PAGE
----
That said, Radcliffe effortlessly recasts Ghinsberg’s gracious enthusiasm into selfish irritability. Importantly, the actor sticks to his guns throughout numerous arduous feats of evidently futile endurance. In a masterstroke of dramatic performance, Radcliffe demonstrates singular dedication to an emotionally honest portrayal.
Miracle Workers (2019-present)
Daniel Radcliffe’s unfeigned knack for all manner of comedy has been an exceedingly satisfying revelation for years. His adeptness for deadpan humor regularly supplements his tamer exploits.
Radcliffe’s current work in the TBS anthology series Miracle Workers strikingly ups the ante, establishing his fearless commitment to the genre. Each season (of which there are three with a fourth on the way at the time of writing) zeroes in on an assortment of quirky characters frantically ensuring that good triumphs over evil.
Whether we encounter Radcliffe in the afterlife, the Dark Ages, or on the Oregon Trail, we quickly realize that he is game for absolutely anything. Personality-wise, all of his characters in the show exist in a socially awkward but warmly impassioned realm. They tend to be a little childish and overly virtuous, but undeniably charming.
This leads Radcliffe down frequently ludicrous and gutsy spirals, particularly by Season 3. Throw in some intentionally bad wigs, spray tan, and body glitter, and there’s never a dull moment in the show.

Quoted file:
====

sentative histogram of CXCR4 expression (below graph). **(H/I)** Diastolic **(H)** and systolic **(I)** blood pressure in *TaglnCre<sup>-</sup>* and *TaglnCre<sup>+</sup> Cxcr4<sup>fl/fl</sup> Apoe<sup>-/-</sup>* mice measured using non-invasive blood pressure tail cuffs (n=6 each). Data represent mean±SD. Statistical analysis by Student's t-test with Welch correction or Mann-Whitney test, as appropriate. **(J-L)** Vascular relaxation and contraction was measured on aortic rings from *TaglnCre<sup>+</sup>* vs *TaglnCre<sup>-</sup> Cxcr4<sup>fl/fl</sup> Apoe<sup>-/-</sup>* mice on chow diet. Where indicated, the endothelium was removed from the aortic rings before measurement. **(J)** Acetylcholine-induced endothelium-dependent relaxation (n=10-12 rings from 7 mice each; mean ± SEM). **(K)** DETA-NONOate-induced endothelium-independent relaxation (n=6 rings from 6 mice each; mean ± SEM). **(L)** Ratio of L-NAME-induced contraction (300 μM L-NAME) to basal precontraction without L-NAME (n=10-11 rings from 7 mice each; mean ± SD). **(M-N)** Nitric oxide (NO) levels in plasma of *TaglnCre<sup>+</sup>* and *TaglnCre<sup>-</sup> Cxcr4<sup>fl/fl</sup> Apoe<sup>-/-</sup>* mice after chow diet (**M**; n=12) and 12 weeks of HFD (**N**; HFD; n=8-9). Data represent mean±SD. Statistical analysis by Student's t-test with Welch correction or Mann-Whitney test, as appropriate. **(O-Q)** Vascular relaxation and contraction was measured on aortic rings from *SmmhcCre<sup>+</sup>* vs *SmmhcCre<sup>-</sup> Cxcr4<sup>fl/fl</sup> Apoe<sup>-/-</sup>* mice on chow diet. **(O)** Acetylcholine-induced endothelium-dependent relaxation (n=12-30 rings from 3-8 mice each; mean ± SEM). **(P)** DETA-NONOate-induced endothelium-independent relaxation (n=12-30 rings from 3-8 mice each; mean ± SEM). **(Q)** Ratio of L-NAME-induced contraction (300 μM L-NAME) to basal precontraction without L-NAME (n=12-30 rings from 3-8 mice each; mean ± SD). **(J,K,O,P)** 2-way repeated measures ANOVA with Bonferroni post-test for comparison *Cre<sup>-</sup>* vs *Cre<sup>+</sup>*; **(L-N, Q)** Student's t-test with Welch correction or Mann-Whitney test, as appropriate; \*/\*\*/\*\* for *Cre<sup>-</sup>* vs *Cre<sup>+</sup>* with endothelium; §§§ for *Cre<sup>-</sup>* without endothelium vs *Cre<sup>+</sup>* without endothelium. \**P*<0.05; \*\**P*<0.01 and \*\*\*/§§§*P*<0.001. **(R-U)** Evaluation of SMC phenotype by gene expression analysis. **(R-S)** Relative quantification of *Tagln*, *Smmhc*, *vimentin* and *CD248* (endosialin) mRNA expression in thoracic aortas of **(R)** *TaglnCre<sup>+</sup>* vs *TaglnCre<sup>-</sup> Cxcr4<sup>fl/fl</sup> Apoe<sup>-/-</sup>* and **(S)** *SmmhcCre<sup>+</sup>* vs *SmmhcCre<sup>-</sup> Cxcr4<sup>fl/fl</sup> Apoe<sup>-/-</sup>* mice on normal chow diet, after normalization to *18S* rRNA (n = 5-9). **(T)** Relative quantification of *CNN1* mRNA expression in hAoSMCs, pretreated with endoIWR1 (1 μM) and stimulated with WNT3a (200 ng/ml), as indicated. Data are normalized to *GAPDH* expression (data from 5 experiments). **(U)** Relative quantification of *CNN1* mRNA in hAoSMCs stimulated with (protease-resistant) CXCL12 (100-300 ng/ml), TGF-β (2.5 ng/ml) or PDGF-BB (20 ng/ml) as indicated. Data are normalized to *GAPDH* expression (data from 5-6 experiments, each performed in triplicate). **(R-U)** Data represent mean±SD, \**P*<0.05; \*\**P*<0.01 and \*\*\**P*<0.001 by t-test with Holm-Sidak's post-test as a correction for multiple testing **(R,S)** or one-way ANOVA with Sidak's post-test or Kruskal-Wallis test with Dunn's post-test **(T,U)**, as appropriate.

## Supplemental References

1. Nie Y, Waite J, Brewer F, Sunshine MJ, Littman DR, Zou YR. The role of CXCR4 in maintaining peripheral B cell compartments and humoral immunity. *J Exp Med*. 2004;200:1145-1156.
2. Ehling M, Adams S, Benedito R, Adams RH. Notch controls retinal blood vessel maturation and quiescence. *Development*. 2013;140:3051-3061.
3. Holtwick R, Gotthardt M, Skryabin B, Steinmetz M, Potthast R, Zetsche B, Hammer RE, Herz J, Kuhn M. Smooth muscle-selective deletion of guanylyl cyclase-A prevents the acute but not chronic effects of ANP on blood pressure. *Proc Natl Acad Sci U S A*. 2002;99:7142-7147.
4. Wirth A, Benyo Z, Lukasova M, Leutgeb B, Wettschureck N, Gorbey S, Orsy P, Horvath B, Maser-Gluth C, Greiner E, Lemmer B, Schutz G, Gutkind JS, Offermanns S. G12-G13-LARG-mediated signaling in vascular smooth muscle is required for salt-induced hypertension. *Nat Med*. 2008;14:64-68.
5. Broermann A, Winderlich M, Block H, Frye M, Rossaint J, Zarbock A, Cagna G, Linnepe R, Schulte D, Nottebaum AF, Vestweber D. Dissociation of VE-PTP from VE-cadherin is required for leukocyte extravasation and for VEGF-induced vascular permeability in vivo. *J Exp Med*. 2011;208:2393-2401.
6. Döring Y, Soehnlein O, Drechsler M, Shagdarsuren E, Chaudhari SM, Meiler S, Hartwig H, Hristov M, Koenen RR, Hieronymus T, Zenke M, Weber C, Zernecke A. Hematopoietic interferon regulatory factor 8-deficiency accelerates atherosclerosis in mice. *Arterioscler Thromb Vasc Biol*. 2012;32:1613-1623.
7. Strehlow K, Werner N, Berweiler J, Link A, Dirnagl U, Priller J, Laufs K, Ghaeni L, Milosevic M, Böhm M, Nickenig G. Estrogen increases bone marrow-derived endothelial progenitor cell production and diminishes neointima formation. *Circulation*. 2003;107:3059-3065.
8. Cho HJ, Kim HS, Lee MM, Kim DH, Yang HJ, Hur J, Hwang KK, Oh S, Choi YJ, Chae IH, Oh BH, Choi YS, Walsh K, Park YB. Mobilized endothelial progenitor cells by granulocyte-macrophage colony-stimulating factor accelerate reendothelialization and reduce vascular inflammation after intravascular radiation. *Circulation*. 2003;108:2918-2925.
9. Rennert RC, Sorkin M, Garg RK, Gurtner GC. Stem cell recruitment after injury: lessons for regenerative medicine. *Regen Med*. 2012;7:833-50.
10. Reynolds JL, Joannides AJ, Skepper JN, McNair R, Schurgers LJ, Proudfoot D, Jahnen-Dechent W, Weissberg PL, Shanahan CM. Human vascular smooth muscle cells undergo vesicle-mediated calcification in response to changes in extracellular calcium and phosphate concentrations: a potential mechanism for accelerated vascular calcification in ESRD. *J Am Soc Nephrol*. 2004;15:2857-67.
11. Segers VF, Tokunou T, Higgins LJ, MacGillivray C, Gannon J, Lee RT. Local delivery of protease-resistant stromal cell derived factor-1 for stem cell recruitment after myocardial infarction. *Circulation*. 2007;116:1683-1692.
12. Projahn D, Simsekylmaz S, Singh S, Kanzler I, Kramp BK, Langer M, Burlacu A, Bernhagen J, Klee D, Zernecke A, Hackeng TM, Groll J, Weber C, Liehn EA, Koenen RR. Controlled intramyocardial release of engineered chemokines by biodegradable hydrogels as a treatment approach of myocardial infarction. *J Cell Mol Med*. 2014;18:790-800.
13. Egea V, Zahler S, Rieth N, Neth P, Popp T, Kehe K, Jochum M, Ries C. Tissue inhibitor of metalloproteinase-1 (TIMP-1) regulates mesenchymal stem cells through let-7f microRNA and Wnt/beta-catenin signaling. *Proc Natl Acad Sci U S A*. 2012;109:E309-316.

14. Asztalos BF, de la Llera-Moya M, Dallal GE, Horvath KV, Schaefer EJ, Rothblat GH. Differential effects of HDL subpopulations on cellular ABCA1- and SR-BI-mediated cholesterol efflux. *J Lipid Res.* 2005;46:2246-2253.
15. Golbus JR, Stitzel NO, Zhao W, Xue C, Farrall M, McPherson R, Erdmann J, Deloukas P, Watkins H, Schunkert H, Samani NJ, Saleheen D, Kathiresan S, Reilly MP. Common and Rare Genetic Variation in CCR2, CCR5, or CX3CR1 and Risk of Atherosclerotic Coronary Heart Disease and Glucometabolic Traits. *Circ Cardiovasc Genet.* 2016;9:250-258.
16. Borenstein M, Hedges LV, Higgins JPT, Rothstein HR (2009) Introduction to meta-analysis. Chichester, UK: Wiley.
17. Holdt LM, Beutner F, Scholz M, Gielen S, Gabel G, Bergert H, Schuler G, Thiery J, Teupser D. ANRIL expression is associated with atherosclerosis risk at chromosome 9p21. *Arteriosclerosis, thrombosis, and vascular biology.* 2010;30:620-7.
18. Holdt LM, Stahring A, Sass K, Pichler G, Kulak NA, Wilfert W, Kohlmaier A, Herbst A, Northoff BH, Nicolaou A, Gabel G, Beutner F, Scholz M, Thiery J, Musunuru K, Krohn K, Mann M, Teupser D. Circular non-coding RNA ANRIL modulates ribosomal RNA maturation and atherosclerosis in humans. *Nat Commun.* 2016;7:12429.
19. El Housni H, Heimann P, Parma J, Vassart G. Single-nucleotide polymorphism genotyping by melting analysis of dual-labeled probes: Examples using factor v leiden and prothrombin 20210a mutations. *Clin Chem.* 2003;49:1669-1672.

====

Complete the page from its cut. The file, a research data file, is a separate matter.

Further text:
The interactive special Unbreakable Kimmy Schmidt: Kimmy vs the Reverend (2020) is another recent venture in Daniel Radcliffe’s filmography to bank on his unfiltered zeal, this time transposing it to a feature-length stage.
Yet, the repeated no-holds-barred successes of Miracle Workers propel the actor far beyond predictable idiosyncracies and are the strongest testament to his comedic prowess.
Escape from Pretoria (2020)
For a biographical movie with a ghastly poster, Escape from Pretoria sure is an unforeseen treat. Daniel Radcliffe stars as anti-apartheid activist Tim Jenkin, whose 2003 book serves as the basis of the Francis Annan thriller.
The film retells the exhilarating jailbreak of three political prisoners — Jenkin included — from the titular South African correctional facility. This dramatization takes a play-by-play approach to narrative progression. However, it is largely more interested in visceral entertainment than the sociopolitical implications of its premise.
Radcliffe himself doesn’t have the most complex character with which to work. Prior biopic efforts like The Gamechangers (2015) — though similarly straightforward in design and plot — make a more concerted attempt to tease out themes of morality.
Nonetheless, Radcliffe gets to be observant, determined, and methodical. He conceives an intensely magnetic version of Jenkin, whose uncomplicated emotional accessibility reinforces the plot’s hair-raising set-ups. Because of Radcliffe, we stay on our toes throughout the flick.
Daniel Radcliffe leverages both mega-blockbuster star power and indie currency with remarkable showmanship and decorum. There is definitely some untapped potential left in him, too, because I refuse to accept Playmobil: The Movie (2019) as the sole animated movie credit.
At least, there is more comedy on the horizon for Radcliffe, with the Nee brothers’ adventure flick The Lost City in 2022. He isn’t inclined to forget his roots either, given the Harry Potter 20th anniversary reunion set for the new year.
Nostalgic throwbacks aside, he is — in a word — inventive. The riskiest enterprises in Daniel Radcliffe’s filmography have often reaped hefty long-term rewards. We can never accuse him of staleness, and this only bodes well for his upcoming onscreen undertakings.